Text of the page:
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What Is It like to Fly Saudia Airlines?

How does the airline's revamped Business Class experience measure up?

Saudia Business Class cabin / Courtesy of Saudia Airlines

After Saudi Arabia opened its borders to foreign tourists in 2019, the country launched a massive campaign to revamp the passenger experience at its main airports and flag carrier Saudia Airlines. A world-class terminal now pampers passengers at King Abdulaziz International Airport (JED) in Jeddah. And in November, the government announced the construction of an entirely new aerial gateway in Riyadh.

Saudia refreshed its fleet by acquiring a large number of Boeing 787-9 and -10 Dreamliners featuring a new Business Class product and an enhanced onboard service and in-flight entertainment. The Dreamliners are used chiefly on long-haul services to West Africa and East Asia and on a few medium-haul flights to some American and European destinations, including Milan.

Saudia Airlines 787-9 Dreamliner / Photo: Courtesy of Boeing Commercial Airlines

So, visiting a friend who lives in Jeddah became the perfect occasion to try the top-notch product of the Kingdom’s airline. To avoid spending a fortune for a relatively short trip, I booked a ticket in economy class on my way to Saudi Arabia and upgraded to Business Class on the leg back to Europe.

Upon making my reservation, I discovered that my flight would be operated by one of the carrier’s Boeing 787-9s. The aircraft features a 24-seat Business Class cabin arranged in a 1-2-1 cross-section—a considerable step forward in privacy and comfort compared with what passengers experience on the carrier’s 777s, which feature older seats and an outdated 2-2-2 configuration. The airline operates the 777 product on its USA network, which includes New York, Washington and Los Angeles.

For my return flight to Italy, I arrived at King Abdulaziz Airport Terminal 1 two hours before departure. At JED, Saudia’s premium passengers check in inside an exclusive hall. After that, they proceed through dedicated passport and security facilities into the main departure hall. Alfursan Lounge, situated one floor up, is luxuriously decorated and offers ample, comfortable seating. Unfortunately, the beverage offering doesn’t include alcoholic drinks, which are against the law in Saudi Arabia. But overall, the lounge is a lovely place to relax before departure.

Boarding and Cabin

Priority boarding allowed me to reach my window seat in seconds. The 1-2-1 layout instilled a sense of exclusivity and peace, as did the elegant sand-toned palette of the cabin. A light-blue blanket and pillow were on the seat, with noise-insulating headphones, a food menu and bottle of water on a shelf.

The flight attendants started the cabin service with a welcome drink of fruit juice or water, as the dry policy adopted by Saudi Arabia extends to its airline. Afterward, Arabian coffee and dates were distributed, along with unbranded amenity kits: below-par small sachets containing socks, earplugs, eye masks, toothbrushes and paste. During pushback, a Muslim prayer was broadcast on the public announcement system, a not so infrequent custom on North African and Middle Eastern airlines.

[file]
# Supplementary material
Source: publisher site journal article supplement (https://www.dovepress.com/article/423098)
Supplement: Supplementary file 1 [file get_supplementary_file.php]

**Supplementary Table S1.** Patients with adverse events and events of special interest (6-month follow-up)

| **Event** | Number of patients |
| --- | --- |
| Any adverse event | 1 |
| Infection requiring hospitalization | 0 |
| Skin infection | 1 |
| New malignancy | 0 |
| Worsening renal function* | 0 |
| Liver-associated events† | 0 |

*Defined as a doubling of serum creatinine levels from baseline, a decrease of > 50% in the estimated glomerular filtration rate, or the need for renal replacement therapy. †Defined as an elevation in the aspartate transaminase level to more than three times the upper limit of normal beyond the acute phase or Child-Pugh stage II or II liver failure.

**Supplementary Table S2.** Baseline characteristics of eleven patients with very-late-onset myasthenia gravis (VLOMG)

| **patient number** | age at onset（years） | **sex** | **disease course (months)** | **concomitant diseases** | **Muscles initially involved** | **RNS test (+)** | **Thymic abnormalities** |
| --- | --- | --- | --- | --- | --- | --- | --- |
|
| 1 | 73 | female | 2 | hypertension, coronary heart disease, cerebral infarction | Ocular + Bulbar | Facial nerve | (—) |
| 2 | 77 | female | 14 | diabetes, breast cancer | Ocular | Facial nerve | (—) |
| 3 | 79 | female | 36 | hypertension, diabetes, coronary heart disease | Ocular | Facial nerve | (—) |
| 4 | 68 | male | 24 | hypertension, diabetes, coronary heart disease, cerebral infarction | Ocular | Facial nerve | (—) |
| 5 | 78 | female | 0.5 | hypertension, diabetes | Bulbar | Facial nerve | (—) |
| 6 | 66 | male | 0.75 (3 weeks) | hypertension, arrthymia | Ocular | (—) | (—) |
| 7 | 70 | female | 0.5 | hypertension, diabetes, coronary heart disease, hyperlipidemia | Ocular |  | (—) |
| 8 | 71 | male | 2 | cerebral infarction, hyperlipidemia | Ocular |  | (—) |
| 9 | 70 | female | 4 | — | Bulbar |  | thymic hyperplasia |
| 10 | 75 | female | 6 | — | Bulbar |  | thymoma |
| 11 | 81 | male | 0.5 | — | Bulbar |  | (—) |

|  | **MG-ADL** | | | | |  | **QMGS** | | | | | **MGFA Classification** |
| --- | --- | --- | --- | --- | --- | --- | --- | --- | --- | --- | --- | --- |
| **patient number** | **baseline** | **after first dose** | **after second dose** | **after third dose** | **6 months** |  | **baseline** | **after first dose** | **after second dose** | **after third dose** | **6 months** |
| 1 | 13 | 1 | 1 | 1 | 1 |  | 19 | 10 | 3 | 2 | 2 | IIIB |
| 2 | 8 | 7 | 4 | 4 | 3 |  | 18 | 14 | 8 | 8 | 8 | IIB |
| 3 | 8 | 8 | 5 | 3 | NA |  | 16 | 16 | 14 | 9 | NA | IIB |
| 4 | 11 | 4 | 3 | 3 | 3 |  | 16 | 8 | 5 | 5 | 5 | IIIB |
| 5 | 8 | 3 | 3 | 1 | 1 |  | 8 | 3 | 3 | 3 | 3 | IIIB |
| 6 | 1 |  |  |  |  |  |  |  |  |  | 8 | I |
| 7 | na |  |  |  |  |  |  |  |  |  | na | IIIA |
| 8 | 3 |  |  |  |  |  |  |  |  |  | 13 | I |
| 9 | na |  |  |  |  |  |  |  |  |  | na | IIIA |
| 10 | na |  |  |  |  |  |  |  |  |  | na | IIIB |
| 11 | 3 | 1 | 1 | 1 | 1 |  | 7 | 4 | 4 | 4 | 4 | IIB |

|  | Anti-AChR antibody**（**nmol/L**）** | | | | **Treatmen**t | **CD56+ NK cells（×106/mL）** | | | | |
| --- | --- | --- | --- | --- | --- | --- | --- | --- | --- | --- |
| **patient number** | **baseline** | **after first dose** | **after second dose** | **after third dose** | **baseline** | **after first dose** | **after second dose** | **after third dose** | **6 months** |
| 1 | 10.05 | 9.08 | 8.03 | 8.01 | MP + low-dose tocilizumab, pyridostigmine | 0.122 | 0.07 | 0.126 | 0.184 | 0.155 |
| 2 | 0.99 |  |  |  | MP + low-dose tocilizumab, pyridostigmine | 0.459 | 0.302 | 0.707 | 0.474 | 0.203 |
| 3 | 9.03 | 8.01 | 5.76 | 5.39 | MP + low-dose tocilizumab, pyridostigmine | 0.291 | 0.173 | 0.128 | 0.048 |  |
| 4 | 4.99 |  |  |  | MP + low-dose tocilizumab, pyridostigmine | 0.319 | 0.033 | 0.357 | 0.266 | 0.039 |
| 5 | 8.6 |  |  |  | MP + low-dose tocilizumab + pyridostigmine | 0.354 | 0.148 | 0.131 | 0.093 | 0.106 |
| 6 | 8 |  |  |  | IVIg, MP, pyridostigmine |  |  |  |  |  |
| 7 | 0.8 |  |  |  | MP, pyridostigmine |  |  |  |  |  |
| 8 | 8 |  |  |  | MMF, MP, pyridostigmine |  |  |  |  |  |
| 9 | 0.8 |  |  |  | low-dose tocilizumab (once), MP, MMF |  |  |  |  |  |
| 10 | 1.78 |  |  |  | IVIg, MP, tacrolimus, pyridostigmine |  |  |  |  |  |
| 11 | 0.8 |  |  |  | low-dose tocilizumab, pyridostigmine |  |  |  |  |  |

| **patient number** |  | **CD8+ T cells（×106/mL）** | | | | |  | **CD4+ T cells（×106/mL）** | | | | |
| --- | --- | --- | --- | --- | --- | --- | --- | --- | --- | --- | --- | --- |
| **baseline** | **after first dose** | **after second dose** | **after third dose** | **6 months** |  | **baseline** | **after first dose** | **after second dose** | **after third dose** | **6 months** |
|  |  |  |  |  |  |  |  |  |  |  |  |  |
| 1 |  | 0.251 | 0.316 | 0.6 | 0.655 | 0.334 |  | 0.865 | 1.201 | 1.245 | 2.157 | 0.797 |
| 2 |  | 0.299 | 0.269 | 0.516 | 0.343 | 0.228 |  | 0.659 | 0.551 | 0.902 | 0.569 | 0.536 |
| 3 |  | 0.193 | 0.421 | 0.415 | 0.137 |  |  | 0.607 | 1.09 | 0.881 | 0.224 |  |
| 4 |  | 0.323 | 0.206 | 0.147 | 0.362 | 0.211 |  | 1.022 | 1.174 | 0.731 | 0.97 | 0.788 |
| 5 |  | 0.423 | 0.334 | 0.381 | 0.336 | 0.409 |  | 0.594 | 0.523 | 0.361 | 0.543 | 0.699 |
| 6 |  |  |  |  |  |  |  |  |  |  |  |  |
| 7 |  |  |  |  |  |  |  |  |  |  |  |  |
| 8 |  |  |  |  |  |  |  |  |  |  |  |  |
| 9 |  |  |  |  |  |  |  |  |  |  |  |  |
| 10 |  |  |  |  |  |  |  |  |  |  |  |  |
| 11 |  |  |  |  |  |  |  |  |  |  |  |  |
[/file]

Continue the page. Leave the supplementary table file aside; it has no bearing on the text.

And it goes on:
The Flight

The captain announced a five-hour and 35-minute flight to Milan. After takeoff, we flew over the fantastic coral reefs along the eastern shores of the Red Sea, the Sinai Peninsula and the southern Mediterranean Sea, where we encountered a lot of turbulence. However, the bumps finally ended over Greece, giving way to a smooth ride as we crossed the Italian Peninsula bound for Milan Malpensa Airport.

Meal Service

Surprisingly, for a late-morning flight, the food menu displayed a choice of three types of breakfast, including a traditional, banquet-style option, a contemporary Arabic offering and a modern European breakfast. I set myself in brunch mode and went with the latter, which consisted of a platter of mixed fruit followed by scrambled eggs and a zucchini, salmon and asparagus fritter with vine cherry tomato and sour cream. As for the drinks, I opted for orange juice and a bottle of Perrier.

Saudia has an onboard cook in Business Class, and my eggs, clearly prepared on the spot, were the best I’d ever had on a plane. However, while the taste and presentation of the food were excellent, the serving was very modest.

Onboard service was so slow that my breakfast arrived at my seat two hours after the flight attendant had taken my order. I rounded out my meal with an espresso coffee, as the menu provided no dessert. Still hungry, I asked if I could expect a second meal or snack before landing, and the answer was no. Overall, the dining experience was below my expectations regarding the variety and quantity of food—a far cry from the gastronomic feasts I enjoyed flying business class on other renowned Middle Eastern airlines.

The Seat

Saudia chose the Collins Aerospace Super Diamond seat for its Dreamliner fleet, a relatively common product across business cabins worldwide. Its best features are the abundant storage space and the almost infinite seating positions it allows. The in-flight entertainment system (IFE) was superb with its impressive library of more than 400 movies, plus television shorts and series, games, 3D moving maps, and music compilations.

The individual screen guaranteed an excellent resolution. The complementary Wi-Fi, accessible through a code Saudia customer service had emailed me the evening before, was merely symbolic, as complimentary connectivity was over after sending a video and a couple of WhatsApp messages.


Saudia Business Class products are good but far from excellent. Apart from the IFE, nothing impressed me during the five hours I spent in the sky. But everything was alright, apart from the slow dining service. I missed the feeling of being pampered, which is the core of traveling in the up-front cabin.